Although some 90 percent of teachers may be considered “highly qualified’’ under the teacher-quality provisions of the No Child Left Behind Act, varying state definitions of what counts as highly qualified mean that skilled teachers likely remain unevenly distributed among the nation’s classrooms, according to a large-scale federal study released today.
“I think the high compliance rate suggests there were states that set the bar low and, in a way, grandfathered in a lot of teachers,’' said Kerstin Carlson Le Floch, one of the primary authors of the study, which was conducted for the U.S. Department of Education by the Washington-based American Institutes for Research and the RAND Corp. of Santa Monica, Calif.
“To get the real story,” she added, “you have to look below the surface, where we’re still seeing inequities.’'
States vary in the amount of subject-matter coursework they consider equivalent to a college major in order for new secondary teachers to meet the content-mastery requirements under the No Child Left Behind Act.
NOTE: These data, from 2004-05, are based on the 27 states and the District of Columbia whose guidelines for highly qualified teacher specified the number of hours equivalent to a major.
* Indicates that the District of Columbia is included.
SOURCE: U.S. Department of Education
The interim study, part of an ongoing congressionally mandated evaluation of the federal Title I program for disadvantaged students, draws on survey data from the 2004-05 school year for nearly 13,000 teachers, special educators, paraprofessionals, and administrators in 300 districts across the country.
Researchers said the study, which was originally due to be published in 2005, is the largest federal survey to date examining how educators are implementing the teacher-quality provisions of the 5 ½-year-old No Child Left Behind law. Researchers finished collecting data this year for the eventual final report.
Under the federal law, states had until the end of this past school year to ensure that they are staffing core academic and fine arts classes with teachers who hold a bachelor’s degree, are fully certified, and can demonstrate mastery of the subjects they teach through coursework in those subjects, passing tests, or meeting some other criteria.
Among the general education teachers surveyed, the report says, nearly three-quarters said they had met their states’ definitions for being highly qualified. However, 23 percent did not know their status under the law at the time of the survey; another 4 percent said they did not meet the teaching-quality requirements.
The researchers estimated the percentage of highly qualified teachers at 90 percent, though, after examining teachers’ answers to other survey questions and determining that they had met the grade in their states.
State policies for determining whether new teachers are highly qualified also varied widely, according to the study, “Teacher Quality Under NCLB: Interim Report.’' For instance, although all but two states had tests of teachers’ knowledge of subject-matter content, the minimum passing scores spanned a wide range. On the Praxis II test in mathematics, for example, the cutoff ranged from 139 of 200 in South Dakota to 163 in Virginia.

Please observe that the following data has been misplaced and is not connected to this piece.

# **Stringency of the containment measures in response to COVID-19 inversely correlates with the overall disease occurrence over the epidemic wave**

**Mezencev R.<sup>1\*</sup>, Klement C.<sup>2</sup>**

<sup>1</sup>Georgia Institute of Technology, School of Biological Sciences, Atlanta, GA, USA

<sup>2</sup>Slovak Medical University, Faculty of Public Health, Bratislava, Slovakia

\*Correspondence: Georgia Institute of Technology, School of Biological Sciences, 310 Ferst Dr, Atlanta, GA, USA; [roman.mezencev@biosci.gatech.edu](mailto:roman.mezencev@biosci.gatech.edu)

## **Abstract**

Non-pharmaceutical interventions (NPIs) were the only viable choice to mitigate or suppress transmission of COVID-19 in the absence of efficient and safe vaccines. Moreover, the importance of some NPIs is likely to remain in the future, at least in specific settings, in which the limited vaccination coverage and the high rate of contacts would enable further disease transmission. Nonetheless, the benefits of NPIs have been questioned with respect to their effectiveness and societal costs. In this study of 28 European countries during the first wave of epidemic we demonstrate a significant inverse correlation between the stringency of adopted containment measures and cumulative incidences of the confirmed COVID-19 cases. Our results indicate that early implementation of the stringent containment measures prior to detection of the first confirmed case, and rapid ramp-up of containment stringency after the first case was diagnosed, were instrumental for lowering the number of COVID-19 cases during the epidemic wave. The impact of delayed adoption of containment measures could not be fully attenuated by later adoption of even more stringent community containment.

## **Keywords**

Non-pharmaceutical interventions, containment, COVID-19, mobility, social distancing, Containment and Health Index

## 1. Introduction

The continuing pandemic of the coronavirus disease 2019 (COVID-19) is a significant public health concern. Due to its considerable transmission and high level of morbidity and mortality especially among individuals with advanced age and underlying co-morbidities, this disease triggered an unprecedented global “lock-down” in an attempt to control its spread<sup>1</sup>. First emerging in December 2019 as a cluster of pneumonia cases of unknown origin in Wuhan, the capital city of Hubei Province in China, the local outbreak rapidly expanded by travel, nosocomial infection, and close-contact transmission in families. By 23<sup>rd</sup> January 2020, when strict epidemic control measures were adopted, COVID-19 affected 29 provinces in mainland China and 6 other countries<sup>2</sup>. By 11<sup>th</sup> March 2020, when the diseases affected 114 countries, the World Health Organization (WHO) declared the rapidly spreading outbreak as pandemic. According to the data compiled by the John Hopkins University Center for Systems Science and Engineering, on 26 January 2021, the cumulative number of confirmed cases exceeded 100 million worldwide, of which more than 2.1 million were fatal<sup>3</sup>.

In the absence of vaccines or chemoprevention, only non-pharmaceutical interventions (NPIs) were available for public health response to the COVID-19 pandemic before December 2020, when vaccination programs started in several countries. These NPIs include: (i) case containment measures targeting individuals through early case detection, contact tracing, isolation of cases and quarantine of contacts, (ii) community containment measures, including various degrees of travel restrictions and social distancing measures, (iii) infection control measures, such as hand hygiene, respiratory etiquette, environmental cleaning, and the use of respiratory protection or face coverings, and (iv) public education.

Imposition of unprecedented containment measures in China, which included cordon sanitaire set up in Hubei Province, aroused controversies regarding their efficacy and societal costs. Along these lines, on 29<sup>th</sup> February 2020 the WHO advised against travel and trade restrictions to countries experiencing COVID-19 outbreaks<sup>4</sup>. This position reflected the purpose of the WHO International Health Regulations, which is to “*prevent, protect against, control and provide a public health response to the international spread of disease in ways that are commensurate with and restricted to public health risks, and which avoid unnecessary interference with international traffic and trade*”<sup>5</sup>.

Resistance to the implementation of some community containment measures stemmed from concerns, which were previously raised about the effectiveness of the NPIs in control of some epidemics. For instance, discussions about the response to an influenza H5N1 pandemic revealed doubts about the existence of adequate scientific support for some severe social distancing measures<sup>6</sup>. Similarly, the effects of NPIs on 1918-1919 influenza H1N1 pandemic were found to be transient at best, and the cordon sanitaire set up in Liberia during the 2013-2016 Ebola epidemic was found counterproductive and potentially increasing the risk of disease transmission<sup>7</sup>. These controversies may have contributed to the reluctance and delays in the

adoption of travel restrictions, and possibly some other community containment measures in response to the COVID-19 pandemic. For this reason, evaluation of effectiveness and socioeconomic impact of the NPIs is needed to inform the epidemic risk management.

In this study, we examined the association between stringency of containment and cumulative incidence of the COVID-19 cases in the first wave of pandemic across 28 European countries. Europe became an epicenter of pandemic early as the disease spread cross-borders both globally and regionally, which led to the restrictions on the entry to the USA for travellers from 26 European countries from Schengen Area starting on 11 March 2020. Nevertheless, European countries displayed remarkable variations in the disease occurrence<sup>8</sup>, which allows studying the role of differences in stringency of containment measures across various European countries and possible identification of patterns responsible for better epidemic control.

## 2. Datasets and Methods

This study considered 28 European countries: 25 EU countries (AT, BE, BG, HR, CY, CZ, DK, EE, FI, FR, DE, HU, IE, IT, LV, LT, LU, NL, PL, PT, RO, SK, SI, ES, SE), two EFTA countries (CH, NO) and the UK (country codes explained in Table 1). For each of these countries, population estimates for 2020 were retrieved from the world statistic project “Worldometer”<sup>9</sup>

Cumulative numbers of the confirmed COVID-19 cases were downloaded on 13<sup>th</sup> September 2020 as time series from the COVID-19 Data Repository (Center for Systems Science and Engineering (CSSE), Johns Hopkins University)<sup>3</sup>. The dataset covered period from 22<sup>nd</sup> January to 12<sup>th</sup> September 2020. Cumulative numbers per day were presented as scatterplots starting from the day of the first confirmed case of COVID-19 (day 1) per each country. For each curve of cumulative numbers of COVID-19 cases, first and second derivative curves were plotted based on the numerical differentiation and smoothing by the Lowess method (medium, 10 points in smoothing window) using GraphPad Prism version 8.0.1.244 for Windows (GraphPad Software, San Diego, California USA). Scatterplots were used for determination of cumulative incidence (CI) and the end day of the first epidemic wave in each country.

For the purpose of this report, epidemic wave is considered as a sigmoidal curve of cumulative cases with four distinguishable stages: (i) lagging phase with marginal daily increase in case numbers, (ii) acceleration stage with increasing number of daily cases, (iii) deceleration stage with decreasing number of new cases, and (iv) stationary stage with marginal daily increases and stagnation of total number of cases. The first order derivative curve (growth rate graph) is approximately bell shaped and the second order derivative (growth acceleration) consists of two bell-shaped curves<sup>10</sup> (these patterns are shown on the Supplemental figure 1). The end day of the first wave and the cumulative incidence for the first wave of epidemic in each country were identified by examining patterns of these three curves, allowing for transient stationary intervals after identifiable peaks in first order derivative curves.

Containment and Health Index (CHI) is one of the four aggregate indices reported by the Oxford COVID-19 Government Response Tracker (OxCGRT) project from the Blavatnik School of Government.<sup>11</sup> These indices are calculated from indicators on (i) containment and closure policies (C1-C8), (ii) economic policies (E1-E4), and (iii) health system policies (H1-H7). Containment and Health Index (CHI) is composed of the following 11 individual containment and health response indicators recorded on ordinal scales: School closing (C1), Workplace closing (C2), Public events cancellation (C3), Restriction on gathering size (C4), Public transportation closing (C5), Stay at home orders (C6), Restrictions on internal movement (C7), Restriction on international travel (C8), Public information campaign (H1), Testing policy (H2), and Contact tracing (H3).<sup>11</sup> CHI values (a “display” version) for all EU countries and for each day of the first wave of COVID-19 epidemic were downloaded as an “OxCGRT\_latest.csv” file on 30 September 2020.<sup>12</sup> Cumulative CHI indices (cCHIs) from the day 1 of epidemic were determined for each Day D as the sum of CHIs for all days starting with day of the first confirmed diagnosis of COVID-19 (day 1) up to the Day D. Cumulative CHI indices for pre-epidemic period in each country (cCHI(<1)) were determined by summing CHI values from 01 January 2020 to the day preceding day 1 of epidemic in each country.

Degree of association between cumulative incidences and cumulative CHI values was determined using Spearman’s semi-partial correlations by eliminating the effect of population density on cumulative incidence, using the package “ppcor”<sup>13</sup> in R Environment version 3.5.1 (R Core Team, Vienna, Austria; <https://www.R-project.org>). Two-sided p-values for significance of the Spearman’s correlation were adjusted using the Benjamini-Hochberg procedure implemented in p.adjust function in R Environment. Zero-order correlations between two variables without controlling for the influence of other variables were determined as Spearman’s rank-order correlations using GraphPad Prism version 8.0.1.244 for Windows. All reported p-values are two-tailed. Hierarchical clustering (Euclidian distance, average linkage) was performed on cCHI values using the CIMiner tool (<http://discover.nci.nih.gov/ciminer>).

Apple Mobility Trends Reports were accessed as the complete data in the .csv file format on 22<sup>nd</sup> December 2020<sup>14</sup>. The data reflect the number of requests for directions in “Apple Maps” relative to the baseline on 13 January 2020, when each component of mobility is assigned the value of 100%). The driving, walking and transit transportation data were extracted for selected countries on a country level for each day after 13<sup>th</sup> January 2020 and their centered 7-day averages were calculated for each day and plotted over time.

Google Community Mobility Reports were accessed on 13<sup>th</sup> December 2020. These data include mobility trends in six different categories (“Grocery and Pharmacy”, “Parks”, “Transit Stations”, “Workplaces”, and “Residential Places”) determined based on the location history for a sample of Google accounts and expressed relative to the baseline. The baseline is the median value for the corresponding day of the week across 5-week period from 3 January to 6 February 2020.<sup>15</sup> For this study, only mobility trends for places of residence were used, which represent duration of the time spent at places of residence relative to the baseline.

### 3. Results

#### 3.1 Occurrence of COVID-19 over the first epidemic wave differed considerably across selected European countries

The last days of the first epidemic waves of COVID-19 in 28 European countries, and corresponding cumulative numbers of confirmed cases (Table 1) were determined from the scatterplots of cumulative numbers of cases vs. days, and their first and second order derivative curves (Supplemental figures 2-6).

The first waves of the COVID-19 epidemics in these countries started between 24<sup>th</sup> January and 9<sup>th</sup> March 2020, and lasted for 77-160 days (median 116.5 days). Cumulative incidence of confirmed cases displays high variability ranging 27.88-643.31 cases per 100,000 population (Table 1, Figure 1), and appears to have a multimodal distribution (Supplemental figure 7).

By 2004-05, the report also says, 47 states had also adopted an option under the law—known as the High Objective Uniform State Standard of Evaluation, or HOUSSE, provision—that allowed them to set their own criteria for determining whether teachers already on the job met the “highly qualified’’ standard. The standards differed in the degree to which teachers got credit for their years of experience on the job vs. measures aimed more directly at assessing their knowledge and teaching skills.
One result of that state-to-state variation: “Highly qualified’’ often meant something different in schools with high concentrations of poor students than it did in better-off schools, the study found.
In the former group of schools, the report says, “highly qualified’’ teachers tended to have fewer years of teaching experience and were less likely to have degrees in the subjects they taught than so-designated teachers in more affluent schools.
Among other findings, the report says:
• Special education teachers were almost four times more likely not to be considered highly qualified than were general education teachers. The percentage of teachers without “highly qualified’’ status was also particularly high for teachers of non-English-speakers and teachers in middle schools.
• While nearly all teachers took part over the 2004-05 school year in the kind of content-focused professional development in reading and mathematics that the federal law promotes, only a minority of teachers had received extended training in those areas. On a more positive note, teachers in schools with high percentages of poor students and minority students were more likely to receive that kind of training than teachers in other schools.
• About two-thirds of the paraprofessionals surveyed were considered highly qualified under the NCLB law, meaning that they had two years of postsecondary instruction, held an associate’s degree, or had passed a state assessment. Another 28 percent either did not know their status or did not answer that question.